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Eva Ekeblad

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Eva Ekeblad
Eva Ekeblad
Born10 July 1724
Stockholm, Sweden
Died15 May 1786(1786-05-15) (aged 61)
CitizenshipSwedish
Known forMaking flour and alcohol from potatoes (1746)
Spouse
Claes Claesson Ekeblad
(m. 1740; died 1771)
Children7, including Hedda Piper
AwardsMembership in the Royal Swedish Academy of Sciences (1748)
Scientific career
FieldsAgronomy
Notes
First woman in the Royal Swedish Academy of Sciences: full member 1748–51, honorary member 1751–86

Eva Ekeblad (née De la Gardie; 10 July 1724 – 15 May 1786) was a Swedish agriculturist and salon hostess. She discovered a method to make alcohol and flour from potatoes, significantly reducing Sweden's incidence of famine. She became the first female member of the Royal Swedish Academy of Sciences.

Life[edit]

Personal life[edit]

Eva De la Gardie was born on 10 July 1724 in Stockholm[1] as the daughter of Count Magnus Julius De la Gardie, state marshal and privy councillor and Hedvig Catharina Lillie. She was the tenth of fourteen children, but only two of her siblings survived to adulthood. Her family was influential in Swedish politics, and her mother was active in politics, holding salons for the members of the Hats.[2]

At the age of sixteen, she married thirty-two-year-old Count Clas Ekeblad, a privy councillor. Due to her bloodline and her marriage, she became powerful in the country. Because of her husband's 'political obligations',[2] she often had to manage their properties and became an expert agriculturist. She ran the estates with a 'firm' hand, kind to servants but requiring the obedience due to her status. She had a son and seven daughters, only one of whom died in childhood.

She signed her name as Eva Delagardie, retaining her maiden name as was customary in Sweden in the early 1700s, but she is most often referenced by her husband's name.[2]

Scientific discoveries[edit]

Ekeblad experimented with potatoes, which had been introduced to Sweden in 1658, but were only cultivated in the greenhouses of aristocrats. She discovered how to make starch from them which could then be grounded and sifted. She developed a bread recipe using oat flour and mashed potatoes, and also described a method for the preparation of potato liquor from the same.

In 1746, she detailed her discoveries to the Royal Swedish Academy of Sciences.[1] They were reviewed by Jonas Alströmer and Jacob Faggot, who both praised it. She was elected its first female member on 3 December 1748.[1] Her essay, Försök att tillverka bröd, brännvin, stärkelse och puder af potater ('Attempts at Producing Bread, Spirit, Starch, and Powder from Potatoes') was also published by the Academy that year. It was hoped that recognising her would encourage Swedish women to invent useful household products.[2] There are no records of her participation in the meetings of the Academy and from at least 1751, she was seen only as an honorary member.[1] She described a new method for bleaching cotton textiles 1751 and bleaching yarn in 1752 to the Academy, which were both published.[1]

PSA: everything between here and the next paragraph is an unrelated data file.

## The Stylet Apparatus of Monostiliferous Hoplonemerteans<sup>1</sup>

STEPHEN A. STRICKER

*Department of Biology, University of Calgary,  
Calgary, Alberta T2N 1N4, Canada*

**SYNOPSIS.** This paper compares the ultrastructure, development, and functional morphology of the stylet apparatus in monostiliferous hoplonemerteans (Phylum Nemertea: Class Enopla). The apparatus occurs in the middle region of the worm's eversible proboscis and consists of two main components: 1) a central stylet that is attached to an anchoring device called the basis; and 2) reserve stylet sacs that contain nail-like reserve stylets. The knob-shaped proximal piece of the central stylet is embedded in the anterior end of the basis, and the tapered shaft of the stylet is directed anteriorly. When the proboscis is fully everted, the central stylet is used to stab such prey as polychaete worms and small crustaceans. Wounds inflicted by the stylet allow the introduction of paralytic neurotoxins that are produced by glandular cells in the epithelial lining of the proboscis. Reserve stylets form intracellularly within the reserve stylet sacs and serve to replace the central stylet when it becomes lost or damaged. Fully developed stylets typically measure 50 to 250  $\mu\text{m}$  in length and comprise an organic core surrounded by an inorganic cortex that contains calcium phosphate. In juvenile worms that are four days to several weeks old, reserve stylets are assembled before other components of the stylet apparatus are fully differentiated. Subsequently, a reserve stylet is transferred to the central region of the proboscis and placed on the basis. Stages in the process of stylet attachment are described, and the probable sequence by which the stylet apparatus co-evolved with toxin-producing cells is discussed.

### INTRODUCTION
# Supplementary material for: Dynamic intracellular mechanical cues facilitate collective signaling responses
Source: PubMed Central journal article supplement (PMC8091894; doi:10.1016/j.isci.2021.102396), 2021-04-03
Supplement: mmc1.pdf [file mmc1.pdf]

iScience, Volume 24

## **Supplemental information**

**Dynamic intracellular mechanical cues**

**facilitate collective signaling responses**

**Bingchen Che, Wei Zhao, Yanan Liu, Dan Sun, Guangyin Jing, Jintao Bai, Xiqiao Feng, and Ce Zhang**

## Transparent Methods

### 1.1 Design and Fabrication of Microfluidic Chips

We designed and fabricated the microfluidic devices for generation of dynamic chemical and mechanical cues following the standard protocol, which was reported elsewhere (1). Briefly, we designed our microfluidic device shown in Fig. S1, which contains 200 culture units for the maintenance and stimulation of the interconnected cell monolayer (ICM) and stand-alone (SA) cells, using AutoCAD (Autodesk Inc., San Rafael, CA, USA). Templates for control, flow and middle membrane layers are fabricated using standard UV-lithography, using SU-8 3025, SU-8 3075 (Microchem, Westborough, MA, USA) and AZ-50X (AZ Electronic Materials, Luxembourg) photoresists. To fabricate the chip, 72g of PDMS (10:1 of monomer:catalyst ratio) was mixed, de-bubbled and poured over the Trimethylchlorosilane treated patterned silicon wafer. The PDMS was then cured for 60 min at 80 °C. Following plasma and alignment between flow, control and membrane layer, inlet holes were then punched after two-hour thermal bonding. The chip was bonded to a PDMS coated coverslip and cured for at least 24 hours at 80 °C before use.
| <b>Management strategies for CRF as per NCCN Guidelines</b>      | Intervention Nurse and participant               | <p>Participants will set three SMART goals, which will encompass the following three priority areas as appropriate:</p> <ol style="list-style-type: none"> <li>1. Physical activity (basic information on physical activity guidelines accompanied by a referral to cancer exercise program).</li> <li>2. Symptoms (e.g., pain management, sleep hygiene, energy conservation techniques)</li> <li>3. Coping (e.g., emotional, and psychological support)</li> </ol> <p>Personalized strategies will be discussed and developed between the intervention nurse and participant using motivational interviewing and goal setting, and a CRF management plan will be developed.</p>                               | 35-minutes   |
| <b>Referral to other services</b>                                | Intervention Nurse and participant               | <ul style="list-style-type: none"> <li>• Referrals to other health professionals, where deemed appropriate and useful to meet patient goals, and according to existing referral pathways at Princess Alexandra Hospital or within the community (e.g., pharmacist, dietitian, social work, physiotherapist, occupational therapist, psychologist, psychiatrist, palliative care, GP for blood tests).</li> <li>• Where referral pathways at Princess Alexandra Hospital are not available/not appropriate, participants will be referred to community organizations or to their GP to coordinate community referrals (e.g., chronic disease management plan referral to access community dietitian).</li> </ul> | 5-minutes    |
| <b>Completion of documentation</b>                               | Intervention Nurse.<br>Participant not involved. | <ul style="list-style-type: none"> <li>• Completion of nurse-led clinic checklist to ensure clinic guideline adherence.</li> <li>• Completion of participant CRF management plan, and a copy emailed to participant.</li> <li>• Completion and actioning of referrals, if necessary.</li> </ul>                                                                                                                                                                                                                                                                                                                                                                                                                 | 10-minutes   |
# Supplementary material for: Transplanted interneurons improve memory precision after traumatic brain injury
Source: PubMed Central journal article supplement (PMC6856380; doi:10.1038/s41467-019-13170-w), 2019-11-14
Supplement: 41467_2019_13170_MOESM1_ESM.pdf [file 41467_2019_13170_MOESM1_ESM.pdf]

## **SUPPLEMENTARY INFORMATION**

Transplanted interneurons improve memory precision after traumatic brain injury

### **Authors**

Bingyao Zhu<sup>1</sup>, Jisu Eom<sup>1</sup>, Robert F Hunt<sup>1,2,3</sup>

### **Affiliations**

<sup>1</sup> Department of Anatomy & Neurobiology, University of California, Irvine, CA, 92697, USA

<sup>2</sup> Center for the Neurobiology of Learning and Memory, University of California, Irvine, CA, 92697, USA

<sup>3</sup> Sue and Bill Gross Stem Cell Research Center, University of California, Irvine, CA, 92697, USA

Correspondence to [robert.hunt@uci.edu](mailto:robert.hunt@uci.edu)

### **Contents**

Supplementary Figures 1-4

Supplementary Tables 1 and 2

She promoted replacing dangerous ingredients such as arsenic in cosmetic powders with potato flour. She is said to have advertised the plant by using its flowers as hair ornaments.[3]

Late life[edit]

With age, Ekeblad's status grew. She was close friends with Queen Louisa Ulrika and held important positions in the royal court.[1] She died on 15 May 1786, at the age of sixty-one, in the parish of Lidköpings.[2]

In popular culture[edit]

Ekeblad was featured in a Google Doodle on 10 July 2017.[4]

See also[edit]

References[edit]

  1. ^ a b c d e f Hildebrand, Bengt (1949). "Eva Ekeblad f. De la Gardie". Svenskt biografiskt lexikon [Dictionary of Swedish National Biography] (in Swedish). p. 637. Retrieved 23 February 2024.
  2. ^ a b c d e Lenneman, Eva (8 March 2018). "Eva Ekeblad (Eva De la Gardie)". Svenskt kvinnobiografiskt lexikon [Biographical Encyclopædia of Swedish Women]. Translated by Grosjean, Alexia. Retrieved 23 February 2024.
  3. ^ Tikkanen, Amy. "Eva Ekeblad". Britannica. Retrieved 23 February 2024.
  4. ^ "Eva Ekeblad's 293rd Birthday". Google. 10 July 2017.

Further reading[edit]

External links[edit]